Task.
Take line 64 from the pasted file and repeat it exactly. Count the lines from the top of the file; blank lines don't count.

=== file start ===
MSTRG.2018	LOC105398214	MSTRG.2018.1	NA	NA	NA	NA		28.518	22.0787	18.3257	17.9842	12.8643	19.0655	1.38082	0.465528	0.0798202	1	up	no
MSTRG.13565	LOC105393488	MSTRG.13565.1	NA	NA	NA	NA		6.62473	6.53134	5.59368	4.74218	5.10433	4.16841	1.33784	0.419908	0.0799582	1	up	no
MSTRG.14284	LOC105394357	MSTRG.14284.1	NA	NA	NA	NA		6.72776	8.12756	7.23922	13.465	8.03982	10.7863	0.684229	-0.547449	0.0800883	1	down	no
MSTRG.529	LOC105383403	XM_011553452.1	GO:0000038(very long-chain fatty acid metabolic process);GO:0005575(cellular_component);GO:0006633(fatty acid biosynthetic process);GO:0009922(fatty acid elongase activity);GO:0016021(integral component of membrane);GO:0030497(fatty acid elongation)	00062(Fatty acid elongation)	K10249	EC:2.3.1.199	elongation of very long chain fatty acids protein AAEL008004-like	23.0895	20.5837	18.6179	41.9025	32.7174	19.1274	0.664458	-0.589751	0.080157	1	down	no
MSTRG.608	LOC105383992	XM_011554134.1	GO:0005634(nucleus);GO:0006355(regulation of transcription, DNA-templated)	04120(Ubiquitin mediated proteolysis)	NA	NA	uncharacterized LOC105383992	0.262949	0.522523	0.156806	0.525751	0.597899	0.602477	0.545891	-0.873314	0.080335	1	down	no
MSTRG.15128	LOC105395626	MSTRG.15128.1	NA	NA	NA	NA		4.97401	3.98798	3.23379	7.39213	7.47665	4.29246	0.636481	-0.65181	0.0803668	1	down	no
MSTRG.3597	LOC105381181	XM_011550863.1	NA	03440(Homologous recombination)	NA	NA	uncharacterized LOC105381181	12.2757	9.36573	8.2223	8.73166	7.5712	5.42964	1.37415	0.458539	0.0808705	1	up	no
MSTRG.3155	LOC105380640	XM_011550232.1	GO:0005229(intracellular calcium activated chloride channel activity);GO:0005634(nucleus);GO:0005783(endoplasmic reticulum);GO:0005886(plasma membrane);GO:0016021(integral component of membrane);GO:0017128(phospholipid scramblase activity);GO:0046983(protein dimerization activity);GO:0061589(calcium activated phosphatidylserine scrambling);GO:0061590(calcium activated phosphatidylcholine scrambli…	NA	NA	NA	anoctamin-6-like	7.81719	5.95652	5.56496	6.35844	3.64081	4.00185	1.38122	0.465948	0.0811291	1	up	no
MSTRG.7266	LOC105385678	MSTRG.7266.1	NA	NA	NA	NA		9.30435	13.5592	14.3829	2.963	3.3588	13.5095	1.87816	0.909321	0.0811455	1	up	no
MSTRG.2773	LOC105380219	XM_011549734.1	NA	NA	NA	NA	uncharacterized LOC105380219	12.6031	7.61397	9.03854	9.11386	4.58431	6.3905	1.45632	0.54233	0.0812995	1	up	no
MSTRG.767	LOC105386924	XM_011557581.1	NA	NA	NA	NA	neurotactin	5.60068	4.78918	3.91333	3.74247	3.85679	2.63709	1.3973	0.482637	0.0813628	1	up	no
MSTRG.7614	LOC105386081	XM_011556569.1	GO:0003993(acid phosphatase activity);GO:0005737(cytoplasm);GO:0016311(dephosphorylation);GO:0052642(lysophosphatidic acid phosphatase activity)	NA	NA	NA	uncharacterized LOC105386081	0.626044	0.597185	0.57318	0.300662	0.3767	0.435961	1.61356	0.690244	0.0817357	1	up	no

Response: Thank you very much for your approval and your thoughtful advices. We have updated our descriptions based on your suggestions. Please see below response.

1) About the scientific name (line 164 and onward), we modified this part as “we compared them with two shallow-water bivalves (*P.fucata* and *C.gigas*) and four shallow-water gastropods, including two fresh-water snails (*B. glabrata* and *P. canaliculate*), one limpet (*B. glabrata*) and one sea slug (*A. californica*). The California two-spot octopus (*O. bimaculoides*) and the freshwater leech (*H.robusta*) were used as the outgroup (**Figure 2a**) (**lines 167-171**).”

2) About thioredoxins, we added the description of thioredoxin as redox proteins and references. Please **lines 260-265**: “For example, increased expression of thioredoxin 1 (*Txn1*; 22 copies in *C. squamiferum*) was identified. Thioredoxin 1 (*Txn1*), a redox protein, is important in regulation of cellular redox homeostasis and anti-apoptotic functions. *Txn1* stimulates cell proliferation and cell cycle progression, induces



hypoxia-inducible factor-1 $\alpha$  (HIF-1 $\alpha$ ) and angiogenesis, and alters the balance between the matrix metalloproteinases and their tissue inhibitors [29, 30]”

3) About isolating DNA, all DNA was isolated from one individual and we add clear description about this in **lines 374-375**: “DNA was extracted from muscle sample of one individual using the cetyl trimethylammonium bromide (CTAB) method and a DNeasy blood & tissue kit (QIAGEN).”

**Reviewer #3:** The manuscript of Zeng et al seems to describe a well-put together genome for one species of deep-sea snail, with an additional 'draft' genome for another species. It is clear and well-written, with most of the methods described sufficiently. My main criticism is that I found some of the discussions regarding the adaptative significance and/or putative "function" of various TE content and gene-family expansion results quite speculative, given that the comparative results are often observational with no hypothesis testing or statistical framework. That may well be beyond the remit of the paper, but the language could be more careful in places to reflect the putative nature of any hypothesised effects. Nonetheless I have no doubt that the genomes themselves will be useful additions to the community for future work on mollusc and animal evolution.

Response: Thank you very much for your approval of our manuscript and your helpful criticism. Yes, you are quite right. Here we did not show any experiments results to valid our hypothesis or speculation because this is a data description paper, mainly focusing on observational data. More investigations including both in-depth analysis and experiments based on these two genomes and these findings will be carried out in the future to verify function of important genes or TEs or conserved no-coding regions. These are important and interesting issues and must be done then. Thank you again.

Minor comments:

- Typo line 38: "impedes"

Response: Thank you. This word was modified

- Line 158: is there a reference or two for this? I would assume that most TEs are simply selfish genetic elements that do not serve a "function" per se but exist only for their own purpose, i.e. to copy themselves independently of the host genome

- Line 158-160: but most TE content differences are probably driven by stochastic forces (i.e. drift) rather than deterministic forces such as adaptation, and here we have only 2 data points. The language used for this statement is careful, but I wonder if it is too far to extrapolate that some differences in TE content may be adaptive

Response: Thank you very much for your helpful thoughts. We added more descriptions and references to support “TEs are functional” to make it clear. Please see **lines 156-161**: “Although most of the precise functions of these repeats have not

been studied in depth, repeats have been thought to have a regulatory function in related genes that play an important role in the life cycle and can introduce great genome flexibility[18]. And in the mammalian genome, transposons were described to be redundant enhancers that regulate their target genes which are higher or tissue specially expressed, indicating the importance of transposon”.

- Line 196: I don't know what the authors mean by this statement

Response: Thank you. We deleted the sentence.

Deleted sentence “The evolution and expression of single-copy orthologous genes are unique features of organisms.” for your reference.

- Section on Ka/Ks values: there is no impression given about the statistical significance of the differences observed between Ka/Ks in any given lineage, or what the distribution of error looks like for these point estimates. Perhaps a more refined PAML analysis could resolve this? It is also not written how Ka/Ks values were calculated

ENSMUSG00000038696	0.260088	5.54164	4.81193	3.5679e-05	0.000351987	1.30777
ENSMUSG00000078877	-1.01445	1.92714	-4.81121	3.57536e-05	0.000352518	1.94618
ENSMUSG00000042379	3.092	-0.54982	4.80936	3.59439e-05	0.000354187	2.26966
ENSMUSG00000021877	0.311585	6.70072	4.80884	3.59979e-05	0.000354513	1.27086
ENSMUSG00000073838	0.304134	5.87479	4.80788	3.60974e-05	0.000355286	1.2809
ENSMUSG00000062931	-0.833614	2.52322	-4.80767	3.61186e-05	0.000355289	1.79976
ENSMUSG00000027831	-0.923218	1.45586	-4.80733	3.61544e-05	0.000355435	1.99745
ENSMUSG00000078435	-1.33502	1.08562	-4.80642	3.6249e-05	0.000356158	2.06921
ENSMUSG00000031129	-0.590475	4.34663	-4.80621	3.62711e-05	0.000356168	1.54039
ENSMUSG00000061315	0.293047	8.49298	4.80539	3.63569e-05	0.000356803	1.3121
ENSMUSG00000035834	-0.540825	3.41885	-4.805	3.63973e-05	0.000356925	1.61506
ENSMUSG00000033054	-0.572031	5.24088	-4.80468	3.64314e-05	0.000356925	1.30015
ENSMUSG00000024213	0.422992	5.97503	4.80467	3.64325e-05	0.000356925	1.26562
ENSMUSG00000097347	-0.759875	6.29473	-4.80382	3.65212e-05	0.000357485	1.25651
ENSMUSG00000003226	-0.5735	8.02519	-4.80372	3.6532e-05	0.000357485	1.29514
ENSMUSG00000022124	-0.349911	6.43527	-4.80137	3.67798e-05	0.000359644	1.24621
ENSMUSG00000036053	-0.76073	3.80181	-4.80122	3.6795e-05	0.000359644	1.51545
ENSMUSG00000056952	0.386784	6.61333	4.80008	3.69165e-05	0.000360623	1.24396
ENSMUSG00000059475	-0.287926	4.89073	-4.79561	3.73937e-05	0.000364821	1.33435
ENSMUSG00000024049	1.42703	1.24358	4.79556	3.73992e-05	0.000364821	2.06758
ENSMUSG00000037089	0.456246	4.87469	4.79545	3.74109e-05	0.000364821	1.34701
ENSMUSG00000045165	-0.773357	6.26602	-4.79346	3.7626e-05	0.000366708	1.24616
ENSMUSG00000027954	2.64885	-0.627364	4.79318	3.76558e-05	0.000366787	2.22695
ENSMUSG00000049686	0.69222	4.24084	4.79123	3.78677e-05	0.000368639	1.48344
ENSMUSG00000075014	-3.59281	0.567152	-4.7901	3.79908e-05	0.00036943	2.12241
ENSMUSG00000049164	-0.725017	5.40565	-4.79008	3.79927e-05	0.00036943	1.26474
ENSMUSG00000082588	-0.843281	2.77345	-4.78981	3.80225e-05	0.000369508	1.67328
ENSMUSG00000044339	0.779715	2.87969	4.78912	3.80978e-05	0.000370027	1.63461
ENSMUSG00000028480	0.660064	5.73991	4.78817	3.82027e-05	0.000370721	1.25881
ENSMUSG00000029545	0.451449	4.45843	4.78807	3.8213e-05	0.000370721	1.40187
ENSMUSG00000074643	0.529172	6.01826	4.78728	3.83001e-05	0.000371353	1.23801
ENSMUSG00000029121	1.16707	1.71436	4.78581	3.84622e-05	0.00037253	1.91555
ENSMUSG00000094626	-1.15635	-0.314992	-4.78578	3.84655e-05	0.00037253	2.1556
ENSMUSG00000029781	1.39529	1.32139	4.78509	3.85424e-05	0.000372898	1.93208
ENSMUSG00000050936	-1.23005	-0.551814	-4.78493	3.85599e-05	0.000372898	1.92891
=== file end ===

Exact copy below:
ENSMUSG00000029781	1.39529	1.32139	4.78509	3.85424e-05	0.000372898	1.93208